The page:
After over a decade of laptop use, I made the move a couple of months ago back to a desktop computer. An ex-corporate compact PC and a large widescreen monitor on a stand, and alongside them a proper mouse and my trusty IBM Model M that has served me for decades. At a stroke, the ergonomics of my workspace changed for the better, as I no longer have to bend slightly to see the screen.
The previous desktop PC was from an earlier time. I think it had whatever the AMD competitor to a Pentium 4 was, and if I recall correctly, its 512 MB of memory was considered to be quite something. On the back it had an entirely different set of sockets to my new one, a brace of serial ports, a SCSI port, and a parallel printer port. Inside the case, its various drives were served by a set of ribbon cables. It even boasted a floppy drive. By contrast the cabling on its successor is a lot lighter, with much less bulky connectors. A few USB plugs and a network cable, and SATA for its disk drive. The days of bulky multiway interconnects are behind us, and probably most of us are heaving a sigh of relief. Continue reading “Living At The Close Of The Multiway Era”
Even if you aren’t a vintage computer aficionado, you’re probably aware that older computer hard drives were massive and didn’t hold much data. Imagine a drive that weighs several pounds, and only holds 1/1000th of what today’s cheapest USB flash drives can. But what you might not realize is that if you go back long enough, the drives didn’t just have lower capacity, they utilized fundamentally different technology and relied on protocols which are today little more than historical footnotes.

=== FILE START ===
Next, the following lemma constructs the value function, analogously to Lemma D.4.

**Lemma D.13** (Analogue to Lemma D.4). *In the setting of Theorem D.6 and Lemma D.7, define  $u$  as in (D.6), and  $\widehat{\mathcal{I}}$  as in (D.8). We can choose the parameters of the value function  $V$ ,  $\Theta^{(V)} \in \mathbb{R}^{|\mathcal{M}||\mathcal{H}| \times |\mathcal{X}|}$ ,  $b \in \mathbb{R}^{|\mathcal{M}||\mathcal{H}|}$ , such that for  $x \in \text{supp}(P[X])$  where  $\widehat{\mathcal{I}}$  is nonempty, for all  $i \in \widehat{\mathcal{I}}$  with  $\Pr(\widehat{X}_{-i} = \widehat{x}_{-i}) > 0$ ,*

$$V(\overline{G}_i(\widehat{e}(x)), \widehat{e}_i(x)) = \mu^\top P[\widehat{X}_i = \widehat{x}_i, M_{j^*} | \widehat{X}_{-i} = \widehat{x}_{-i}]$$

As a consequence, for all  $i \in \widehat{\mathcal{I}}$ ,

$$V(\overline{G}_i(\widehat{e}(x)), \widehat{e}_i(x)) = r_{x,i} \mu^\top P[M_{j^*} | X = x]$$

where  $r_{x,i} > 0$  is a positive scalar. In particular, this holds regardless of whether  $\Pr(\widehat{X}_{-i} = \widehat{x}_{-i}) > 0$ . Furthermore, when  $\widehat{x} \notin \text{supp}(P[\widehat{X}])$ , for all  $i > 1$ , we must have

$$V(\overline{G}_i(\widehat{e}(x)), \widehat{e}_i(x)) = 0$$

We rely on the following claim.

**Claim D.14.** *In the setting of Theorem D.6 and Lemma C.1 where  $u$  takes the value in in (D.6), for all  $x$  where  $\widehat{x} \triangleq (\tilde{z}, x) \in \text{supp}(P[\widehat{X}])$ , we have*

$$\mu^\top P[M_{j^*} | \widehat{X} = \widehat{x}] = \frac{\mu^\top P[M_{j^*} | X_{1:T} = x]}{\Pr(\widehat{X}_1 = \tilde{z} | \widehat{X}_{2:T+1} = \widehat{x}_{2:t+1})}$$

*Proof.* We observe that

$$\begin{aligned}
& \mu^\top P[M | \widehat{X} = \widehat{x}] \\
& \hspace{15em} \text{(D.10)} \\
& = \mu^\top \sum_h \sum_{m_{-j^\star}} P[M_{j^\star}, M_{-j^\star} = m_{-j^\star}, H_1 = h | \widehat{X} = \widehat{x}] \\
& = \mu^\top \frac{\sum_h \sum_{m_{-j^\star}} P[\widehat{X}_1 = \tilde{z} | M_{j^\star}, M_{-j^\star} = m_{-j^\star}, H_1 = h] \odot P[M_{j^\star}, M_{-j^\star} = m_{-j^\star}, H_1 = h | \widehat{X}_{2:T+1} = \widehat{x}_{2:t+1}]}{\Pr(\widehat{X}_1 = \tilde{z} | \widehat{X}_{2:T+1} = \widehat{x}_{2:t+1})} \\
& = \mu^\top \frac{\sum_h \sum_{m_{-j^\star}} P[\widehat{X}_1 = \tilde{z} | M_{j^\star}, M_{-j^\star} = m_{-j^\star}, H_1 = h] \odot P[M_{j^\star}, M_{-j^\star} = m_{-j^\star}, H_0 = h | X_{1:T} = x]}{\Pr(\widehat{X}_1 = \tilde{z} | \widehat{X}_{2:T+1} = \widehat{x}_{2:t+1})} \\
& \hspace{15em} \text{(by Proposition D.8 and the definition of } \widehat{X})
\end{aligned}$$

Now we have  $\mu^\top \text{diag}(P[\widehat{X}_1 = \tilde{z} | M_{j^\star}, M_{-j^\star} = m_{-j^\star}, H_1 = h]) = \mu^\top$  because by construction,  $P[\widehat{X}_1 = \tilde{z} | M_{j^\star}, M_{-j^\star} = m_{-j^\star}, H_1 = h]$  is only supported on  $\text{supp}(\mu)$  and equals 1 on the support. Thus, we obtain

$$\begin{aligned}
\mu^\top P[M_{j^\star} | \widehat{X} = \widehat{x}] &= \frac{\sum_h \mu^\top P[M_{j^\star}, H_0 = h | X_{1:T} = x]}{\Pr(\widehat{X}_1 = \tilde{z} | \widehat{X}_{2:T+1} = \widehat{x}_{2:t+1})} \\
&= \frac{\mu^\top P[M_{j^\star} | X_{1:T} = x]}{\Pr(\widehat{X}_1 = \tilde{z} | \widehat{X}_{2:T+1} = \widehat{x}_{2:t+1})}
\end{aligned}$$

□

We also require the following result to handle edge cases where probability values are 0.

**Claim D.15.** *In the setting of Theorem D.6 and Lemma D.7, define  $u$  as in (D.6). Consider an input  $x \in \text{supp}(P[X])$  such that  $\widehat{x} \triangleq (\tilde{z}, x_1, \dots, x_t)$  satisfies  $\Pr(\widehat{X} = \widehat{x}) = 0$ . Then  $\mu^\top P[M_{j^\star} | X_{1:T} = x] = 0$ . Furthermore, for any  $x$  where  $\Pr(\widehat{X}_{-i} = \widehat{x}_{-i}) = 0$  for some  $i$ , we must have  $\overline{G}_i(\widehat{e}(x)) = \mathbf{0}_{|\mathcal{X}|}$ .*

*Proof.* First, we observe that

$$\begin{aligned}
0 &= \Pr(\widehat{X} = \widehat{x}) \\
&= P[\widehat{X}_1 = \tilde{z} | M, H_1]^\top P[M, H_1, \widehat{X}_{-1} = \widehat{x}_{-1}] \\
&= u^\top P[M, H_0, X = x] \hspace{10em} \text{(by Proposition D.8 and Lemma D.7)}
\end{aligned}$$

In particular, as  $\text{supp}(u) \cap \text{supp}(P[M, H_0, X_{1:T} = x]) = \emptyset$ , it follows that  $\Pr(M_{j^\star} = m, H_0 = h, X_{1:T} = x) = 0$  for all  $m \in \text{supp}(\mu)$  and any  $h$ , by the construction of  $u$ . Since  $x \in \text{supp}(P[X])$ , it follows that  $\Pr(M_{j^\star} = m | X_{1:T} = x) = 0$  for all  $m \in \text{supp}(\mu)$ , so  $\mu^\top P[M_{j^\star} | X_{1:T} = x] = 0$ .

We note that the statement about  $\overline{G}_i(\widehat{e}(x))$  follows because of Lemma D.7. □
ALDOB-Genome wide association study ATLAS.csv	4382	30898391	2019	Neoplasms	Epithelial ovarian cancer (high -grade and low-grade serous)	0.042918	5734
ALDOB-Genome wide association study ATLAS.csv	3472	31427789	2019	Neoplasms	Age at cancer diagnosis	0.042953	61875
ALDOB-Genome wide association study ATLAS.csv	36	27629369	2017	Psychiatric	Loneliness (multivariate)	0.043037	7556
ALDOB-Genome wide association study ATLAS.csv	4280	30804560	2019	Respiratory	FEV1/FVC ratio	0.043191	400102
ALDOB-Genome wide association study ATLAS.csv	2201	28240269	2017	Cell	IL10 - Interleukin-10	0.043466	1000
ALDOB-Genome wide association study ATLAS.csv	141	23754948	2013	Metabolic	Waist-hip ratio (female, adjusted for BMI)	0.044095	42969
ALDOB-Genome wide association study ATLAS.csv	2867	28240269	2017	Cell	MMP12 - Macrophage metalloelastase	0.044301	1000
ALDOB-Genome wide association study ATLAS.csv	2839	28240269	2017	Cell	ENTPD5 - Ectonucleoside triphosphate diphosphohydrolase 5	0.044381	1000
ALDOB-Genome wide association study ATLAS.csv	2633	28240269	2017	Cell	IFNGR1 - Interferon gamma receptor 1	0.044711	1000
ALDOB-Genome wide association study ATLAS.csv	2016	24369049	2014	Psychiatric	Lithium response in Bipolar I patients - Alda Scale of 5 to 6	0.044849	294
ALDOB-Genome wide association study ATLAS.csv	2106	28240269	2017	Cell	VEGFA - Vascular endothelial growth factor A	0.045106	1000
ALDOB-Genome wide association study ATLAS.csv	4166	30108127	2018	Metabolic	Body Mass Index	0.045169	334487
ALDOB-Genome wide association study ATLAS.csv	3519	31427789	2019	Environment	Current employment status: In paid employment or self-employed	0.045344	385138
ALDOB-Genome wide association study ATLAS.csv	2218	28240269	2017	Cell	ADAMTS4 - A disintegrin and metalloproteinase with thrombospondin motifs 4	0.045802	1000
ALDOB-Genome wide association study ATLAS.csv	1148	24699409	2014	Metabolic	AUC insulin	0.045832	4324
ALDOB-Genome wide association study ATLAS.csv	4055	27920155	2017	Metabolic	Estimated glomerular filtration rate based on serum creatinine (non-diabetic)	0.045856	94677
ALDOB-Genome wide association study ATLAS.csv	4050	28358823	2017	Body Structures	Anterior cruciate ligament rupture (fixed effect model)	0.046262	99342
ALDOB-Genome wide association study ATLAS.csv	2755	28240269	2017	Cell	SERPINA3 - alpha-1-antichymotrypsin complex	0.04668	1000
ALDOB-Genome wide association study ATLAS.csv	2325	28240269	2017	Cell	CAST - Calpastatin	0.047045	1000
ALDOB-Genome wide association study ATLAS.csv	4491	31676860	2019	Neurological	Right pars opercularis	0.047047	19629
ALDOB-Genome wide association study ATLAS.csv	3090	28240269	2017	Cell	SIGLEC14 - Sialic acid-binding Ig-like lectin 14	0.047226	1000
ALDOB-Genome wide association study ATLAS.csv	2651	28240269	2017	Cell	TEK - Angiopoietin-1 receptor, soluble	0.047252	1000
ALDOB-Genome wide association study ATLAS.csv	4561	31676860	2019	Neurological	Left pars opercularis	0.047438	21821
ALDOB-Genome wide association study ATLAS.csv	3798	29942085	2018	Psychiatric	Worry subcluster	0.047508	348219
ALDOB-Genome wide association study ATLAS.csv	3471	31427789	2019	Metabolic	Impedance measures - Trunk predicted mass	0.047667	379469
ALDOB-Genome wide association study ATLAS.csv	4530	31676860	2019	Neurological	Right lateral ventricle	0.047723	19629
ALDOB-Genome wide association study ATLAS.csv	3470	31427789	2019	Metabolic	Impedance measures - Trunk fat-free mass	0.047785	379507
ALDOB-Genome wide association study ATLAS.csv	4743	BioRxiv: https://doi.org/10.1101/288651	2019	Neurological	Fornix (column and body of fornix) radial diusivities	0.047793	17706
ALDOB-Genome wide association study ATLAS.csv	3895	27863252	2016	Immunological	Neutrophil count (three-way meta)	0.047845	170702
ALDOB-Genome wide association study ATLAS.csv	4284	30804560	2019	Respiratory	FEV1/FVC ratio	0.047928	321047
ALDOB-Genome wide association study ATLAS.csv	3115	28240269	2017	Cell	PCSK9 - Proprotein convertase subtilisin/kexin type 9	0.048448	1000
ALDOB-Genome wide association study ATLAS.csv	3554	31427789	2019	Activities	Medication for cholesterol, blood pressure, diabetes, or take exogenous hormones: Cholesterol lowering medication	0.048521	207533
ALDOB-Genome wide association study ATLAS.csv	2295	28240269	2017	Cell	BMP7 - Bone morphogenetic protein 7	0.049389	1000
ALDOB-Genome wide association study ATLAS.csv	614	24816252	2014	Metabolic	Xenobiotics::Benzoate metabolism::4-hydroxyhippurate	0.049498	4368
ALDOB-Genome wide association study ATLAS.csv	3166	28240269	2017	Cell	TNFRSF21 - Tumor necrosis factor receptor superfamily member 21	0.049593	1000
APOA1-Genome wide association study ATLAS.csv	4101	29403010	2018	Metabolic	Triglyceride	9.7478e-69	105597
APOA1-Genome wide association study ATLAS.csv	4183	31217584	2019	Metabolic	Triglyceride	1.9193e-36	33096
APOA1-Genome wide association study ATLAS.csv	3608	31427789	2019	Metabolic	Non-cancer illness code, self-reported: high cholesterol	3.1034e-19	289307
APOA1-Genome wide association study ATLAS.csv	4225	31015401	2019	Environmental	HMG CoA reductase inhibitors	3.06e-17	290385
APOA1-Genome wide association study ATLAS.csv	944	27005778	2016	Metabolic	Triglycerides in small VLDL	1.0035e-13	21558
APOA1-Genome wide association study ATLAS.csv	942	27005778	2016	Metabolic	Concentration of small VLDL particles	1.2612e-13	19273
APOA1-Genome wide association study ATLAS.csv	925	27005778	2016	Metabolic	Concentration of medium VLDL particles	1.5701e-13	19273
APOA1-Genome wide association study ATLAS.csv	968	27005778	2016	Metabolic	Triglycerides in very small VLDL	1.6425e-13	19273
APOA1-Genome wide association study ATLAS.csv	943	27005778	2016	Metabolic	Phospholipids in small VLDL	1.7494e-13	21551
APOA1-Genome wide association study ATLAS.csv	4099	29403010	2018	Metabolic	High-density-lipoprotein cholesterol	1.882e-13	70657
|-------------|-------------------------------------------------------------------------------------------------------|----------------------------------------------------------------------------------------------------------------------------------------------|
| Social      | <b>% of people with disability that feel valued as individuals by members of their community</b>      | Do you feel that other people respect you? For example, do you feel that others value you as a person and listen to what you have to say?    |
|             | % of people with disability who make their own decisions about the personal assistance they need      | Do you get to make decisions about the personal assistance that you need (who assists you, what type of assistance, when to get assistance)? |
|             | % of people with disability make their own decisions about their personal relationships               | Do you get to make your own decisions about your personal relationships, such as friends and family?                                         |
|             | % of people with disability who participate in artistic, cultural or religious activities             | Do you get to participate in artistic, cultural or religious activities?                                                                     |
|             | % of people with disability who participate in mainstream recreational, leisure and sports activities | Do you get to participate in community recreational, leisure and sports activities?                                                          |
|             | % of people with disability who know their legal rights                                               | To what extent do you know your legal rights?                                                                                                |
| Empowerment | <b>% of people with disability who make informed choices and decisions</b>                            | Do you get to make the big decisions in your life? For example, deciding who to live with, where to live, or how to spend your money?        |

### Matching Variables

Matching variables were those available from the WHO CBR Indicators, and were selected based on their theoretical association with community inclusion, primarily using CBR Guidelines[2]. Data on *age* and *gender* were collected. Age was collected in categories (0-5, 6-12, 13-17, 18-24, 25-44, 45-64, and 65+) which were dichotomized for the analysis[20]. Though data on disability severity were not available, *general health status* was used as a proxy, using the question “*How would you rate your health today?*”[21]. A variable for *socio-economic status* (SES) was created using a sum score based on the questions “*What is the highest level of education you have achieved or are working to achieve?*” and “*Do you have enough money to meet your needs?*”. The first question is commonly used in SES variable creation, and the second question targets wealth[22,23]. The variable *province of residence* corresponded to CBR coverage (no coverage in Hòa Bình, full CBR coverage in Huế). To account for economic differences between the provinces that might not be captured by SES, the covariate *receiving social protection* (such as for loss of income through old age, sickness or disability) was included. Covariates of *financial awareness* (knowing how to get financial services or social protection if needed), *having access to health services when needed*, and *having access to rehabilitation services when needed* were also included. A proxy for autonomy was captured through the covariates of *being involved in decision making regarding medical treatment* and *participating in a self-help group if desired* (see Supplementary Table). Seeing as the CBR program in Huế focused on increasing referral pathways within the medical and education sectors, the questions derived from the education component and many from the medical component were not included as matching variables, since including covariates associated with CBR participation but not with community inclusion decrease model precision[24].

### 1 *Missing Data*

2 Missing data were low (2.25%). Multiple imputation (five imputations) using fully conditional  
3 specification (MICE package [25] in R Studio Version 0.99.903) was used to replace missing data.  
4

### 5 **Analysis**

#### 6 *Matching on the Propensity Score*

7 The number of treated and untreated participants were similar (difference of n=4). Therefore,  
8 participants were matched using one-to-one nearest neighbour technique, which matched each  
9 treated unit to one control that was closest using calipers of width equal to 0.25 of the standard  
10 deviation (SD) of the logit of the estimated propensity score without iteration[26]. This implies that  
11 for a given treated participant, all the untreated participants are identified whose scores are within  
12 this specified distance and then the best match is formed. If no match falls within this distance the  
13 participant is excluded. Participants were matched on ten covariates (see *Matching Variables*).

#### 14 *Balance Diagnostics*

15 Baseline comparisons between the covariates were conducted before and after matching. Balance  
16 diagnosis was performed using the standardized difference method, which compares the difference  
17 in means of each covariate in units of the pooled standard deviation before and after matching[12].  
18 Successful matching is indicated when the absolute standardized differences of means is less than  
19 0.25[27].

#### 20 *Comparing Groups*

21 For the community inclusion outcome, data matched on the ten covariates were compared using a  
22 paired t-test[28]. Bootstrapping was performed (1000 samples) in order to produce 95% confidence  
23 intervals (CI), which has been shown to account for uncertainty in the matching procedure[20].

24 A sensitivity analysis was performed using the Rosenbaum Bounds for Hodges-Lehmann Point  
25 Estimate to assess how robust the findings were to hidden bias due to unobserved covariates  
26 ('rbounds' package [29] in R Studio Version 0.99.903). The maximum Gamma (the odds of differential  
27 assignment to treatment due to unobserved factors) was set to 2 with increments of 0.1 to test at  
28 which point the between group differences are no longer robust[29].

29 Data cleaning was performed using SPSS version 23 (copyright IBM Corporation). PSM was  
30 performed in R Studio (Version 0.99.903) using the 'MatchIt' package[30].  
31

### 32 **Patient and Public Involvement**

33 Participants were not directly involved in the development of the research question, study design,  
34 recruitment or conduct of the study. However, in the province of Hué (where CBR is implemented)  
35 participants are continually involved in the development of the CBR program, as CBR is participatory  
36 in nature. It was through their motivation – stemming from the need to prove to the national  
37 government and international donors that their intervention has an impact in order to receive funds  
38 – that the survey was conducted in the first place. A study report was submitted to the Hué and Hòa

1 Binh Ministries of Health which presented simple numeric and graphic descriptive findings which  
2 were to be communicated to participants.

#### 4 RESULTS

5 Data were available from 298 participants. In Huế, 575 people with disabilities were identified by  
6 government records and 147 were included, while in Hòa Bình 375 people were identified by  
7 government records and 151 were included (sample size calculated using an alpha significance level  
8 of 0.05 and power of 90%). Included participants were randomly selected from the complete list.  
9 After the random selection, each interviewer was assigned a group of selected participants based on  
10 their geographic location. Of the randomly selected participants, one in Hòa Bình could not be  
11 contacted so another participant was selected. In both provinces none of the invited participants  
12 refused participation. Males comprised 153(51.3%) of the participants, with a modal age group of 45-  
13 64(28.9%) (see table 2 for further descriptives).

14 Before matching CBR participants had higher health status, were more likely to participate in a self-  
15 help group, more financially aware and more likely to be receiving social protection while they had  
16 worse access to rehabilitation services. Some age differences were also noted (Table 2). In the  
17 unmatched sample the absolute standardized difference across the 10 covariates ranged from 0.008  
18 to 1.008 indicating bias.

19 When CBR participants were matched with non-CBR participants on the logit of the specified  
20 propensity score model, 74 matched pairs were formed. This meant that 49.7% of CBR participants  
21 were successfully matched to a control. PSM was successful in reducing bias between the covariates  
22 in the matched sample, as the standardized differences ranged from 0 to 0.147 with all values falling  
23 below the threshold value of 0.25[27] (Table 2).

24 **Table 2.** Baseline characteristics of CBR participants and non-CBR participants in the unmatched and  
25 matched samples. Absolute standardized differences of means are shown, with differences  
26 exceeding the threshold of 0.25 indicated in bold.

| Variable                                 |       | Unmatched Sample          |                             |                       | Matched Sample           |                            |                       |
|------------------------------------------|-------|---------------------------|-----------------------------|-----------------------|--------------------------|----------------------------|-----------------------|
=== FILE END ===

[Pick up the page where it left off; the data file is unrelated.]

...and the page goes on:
A case in point is the circa 1984 Modified Frequency Modulation (MFM) drive which [Michał Słomkowski] was tasked with recovering some files from. You can’t just pop this beast into a USB enclosure; copying files from it required an interesting trip down computing’s memory lane, with a sprinkling of modern techniques that are sure to delight hackers who still like to dip their toes into the MS-DOS waters from time to time.